Urgent action and greater understanding is needed to cope with the fast-growing elderly prison population, says a leading support organisation.
Pioneering charity RECOOP (Resettlement and Care of Older ex-Offenders and Prisoners) is campaigning for changes in national policy.
Older prisoners make up 17 per cent of the prison population – this is projected to grow by 10.6 per cent by the end of June 2021, including a projected increase in the over-70s of 31.3 per cent.
Problems are exacerbated by health and mobility issues, dementia, and depression with 90 per cent of them having a moderate or serious health condition
Sympathy is often also in short supply for older prisoners, many of whom have been incarcerated because of historic sex offences.
RECOOP Chief Officer Paul Grainge, pictured, said: “A new national strategy is needed for dealing with older offenders. The problem is getting bigger all the time and we are underprepared as a nation.”
“Older prisoners have complex needs including sensory impairments, multiple healthcare needs, disabilities and poor mobility. They are more likely to be retired and need meaningful activity and social connections.
“In many cases, older prisoners, who may be serving life sentences, or those who are brought to justice later in life, face the stark reality of the probability of dying in prison.
“A prison is a particularly difficult place in which to be old. The needs of older prisoners are often overlooked, as many pose no obvious behavioural problems for the prison authorities.
“Their physical frailty is a disadvantage when they are incarcerated alongside younger prisoners and bullying and victimisation can be a problem.”
Mr Grainge added: “We’ve seen little development or implementation of the good practices included within the recent Model Operational Delivery for Older Prisoners guidance. As this population continues to grow, the management time, resources and cost needed to meet their specific needs will also increase.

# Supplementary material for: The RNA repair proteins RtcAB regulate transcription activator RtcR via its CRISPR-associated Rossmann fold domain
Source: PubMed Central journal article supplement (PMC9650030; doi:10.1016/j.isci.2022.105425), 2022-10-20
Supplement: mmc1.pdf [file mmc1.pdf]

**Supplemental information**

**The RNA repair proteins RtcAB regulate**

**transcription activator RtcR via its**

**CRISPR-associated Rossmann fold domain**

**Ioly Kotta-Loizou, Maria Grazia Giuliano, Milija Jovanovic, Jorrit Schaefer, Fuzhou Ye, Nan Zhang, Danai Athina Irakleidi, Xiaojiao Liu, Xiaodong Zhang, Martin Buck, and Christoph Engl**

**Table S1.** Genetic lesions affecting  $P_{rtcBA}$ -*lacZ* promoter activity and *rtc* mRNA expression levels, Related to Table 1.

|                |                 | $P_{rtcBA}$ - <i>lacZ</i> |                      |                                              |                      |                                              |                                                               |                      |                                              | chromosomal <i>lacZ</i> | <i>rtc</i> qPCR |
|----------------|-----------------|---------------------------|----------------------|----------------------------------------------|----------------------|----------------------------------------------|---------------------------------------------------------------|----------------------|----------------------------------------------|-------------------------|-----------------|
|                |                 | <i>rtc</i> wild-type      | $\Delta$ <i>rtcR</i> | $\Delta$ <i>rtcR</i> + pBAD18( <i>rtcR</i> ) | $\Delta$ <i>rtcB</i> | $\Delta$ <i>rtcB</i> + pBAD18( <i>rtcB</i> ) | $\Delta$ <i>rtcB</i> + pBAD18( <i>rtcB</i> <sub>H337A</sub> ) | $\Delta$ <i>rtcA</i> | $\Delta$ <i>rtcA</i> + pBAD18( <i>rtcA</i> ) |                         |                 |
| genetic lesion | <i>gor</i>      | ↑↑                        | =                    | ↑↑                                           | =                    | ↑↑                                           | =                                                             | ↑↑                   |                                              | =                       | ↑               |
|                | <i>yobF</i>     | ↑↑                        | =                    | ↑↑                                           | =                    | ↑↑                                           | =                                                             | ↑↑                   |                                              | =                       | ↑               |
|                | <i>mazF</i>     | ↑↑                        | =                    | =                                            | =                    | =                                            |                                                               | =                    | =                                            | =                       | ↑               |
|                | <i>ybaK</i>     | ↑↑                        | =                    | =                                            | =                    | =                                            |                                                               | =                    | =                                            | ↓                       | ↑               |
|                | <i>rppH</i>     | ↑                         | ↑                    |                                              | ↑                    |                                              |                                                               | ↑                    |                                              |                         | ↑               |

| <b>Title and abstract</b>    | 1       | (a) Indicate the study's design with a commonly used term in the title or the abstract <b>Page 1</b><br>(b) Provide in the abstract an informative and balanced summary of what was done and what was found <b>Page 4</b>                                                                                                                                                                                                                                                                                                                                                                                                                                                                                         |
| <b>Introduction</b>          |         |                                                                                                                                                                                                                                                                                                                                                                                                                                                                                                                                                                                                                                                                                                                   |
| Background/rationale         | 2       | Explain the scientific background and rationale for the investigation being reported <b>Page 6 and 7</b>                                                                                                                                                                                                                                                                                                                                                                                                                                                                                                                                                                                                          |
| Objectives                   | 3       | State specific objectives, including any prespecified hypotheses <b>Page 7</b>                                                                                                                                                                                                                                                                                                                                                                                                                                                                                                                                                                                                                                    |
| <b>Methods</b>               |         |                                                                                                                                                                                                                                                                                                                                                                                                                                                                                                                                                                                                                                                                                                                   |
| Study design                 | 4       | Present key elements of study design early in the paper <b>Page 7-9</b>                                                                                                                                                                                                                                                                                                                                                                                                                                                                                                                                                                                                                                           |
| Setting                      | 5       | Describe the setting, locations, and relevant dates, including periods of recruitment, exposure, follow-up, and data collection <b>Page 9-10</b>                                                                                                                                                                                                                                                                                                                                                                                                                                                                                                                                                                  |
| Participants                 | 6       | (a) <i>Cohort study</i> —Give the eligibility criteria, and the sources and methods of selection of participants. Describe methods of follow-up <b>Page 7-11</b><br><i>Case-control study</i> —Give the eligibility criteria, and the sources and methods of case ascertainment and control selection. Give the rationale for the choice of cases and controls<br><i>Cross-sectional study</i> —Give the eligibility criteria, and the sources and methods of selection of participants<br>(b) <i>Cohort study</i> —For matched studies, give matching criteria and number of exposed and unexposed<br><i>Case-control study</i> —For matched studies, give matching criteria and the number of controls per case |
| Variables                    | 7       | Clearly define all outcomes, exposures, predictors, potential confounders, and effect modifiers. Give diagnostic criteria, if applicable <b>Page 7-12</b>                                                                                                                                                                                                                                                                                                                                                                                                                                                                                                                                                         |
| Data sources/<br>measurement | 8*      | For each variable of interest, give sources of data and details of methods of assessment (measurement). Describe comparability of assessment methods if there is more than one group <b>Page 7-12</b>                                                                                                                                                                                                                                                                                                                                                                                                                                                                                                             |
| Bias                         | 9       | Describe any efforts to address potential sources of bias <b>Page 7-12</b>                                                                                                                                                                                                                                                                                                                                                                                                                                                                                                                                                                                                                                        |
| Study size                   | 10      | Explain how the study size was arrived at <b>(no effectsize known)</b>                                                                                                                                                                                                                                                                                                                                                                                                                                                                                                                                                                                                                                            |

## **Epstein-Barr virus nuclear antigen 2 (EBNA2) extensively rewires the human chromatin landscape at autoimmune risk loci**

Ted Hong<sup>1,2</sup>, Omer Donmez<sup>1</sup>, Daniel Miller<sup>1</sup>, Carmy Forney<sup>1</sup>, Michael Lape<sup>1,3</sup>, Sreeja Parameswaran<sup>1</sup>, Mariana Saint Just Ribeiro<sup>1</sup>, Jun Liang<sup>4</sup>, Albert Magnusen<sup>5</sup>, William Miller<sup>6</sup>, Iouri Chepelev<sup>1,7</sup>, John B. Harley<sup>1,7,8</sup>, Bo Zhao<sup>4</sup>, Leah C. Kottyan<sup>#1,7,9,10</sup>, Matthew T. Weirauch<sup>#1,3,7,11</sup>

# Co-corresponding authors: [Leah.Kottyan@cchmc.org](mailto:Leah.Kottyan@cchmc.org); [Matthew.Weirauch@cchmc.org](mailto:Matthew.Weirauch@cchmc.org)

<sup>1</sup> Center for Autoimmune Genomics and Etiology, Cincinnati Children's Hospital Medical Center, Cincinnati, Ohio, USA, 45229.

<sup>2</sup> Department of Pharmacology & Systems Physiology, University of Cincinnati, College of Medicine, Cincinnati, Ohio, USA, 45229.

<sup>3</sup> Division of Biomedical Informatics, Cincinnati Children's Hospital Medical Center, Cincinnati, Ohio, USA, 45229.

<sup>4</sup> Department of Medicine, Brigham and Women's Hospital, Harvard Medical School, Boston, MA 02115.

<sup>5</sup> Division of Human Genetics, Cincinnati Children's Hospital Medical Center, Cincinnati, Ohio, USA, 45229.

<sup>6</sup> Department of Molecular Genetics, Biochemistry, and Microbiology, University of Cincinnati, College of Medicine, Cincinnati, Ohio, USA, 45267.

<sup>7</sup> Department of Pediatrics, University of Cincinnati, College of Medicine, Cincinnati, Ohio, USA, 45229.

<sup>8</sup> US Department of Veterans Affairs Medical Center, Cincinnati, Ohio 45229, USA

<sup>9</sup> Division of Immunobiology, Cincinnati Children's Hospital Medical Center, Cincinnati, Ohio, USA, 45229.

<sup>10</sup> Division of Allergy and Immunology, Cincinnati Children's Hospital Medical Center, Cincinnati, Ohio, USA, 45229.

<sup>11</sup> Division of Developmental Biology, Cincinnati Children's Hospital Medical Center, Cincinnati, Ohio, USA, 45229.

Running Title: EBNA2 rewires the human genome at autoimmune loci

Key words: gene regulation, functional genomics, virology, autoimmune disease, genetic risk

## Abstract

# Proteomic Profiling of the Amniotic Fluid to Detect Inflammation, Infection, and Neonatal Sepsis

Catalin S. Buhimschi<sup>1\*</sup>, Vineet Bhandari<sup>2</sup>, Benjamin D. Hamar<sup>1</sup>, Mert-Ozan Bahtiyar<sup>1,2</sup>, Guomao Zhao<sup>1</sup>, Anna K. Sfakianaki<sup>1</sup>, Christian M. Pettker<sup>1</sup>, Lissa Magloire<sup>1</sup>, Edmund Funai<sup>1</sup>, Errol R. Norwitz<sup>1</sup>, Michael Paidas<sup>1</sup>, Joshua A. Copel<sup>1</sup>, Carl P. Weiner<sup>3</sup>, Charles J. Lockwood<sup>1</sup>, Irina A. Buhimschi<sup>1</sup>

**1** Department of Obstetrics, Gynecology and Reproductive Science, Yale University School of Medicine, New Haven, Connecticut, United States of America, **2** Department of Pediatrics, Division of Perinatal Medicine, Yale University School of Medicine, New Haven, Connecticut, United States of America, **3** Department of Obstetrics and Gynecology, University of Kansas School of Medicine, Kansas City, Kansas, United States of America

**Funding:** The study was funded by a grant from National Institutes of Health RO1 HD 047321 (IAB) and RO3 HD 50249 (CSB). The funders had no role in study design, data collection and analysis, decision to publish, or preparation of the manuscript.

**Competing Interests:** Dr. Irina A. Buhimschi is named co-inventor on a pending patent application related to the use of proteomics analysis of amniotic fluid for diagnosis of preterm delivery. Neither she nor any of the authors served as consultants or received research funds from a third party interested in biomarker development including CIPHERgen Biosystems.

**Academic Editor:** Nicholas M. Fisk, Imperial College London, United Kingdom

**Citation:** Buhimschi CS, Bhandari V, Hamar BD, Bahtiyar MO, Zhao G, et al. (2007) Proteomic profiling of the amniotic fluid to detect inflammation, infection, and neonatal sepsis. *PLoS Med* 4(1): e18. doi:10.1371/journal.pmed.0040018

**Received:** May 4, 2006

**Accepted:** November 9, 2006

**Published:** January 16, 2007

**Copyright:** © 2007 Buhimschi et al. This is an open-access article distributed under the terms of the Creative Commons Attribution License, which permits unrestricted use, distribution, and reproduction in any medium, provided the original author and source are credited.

“Without a National Strategy it’s difficult to see a future joined up consistent approach to meet the growing need.”
Mr Grainge, who recently addressed the Ministry of Justice’s Criminal Justice Strategy Team, said some progress was being made but sustained pressure was needed to deliver change.
The RECOOP publication A Different Sense Of Time highlights the unique needs of older prisoners and presents a cost-effective portfolio of initiatives.
RECOOP’s services have been recognised as good practice by HM Inspectorate of Probation (HMIP), Independent Monitoring Boards (IMBs) and Her Majesty’s Prison and Probation Service (HMPPS).
These include prison staff training, the in-prison buddy support worker training programme, healthy eating and living, activities, day centres and transition resettlement course.
RECOOP, which has worked in more than 60 prisons, operates under the auspices of Dorset-based charitable housing association BCHA.
Mr Grainge added: “We are gaining increasing national recognition for our work and have contributed to seminal policy documents.
“We are a registered charity working to empower older prisoners to take control of their lives, to optimise their physical and mental health and to remain free from re-offending.
“We are one of the very few organisations working with specifically with this group and aspire to be the leader in the delivery of knowledge and expertise to older people who come into contact with the criminal justice system and offer support to the staff who work with them.
“The development of our activities is influenced by our service-users and key stakeholders within the prison service.
“The over-arching aim of RECOOP is to reduce re-offending through the provision of meaningful activity, resettlement services and by addressing the health and social care inequalities faced by this marginalised under-served group.”
BCHA, St Swithun’s House, 21 Christchurch Road, Bournemouth, BH1 3NS
0300 123 1992, firstname.lastname@example.org
RECOOP, founded in 2010, promotes the care, resettlement and rehabilitation of older prisoners, offenders and ex-offenders, particularly the over-50s.
This is done through the provision of carefully-designed support services, advocacy, financial advice, mentoring on employment and training and advice on housing and health.
The organisation provides consultancy, training and direct support services for prisons, working with them to explore innovative and low cost solutions to challenges posed by the growing elderly prison population.
It is reliant upon voluntary income while also continuing to develop fee earning services and programmes.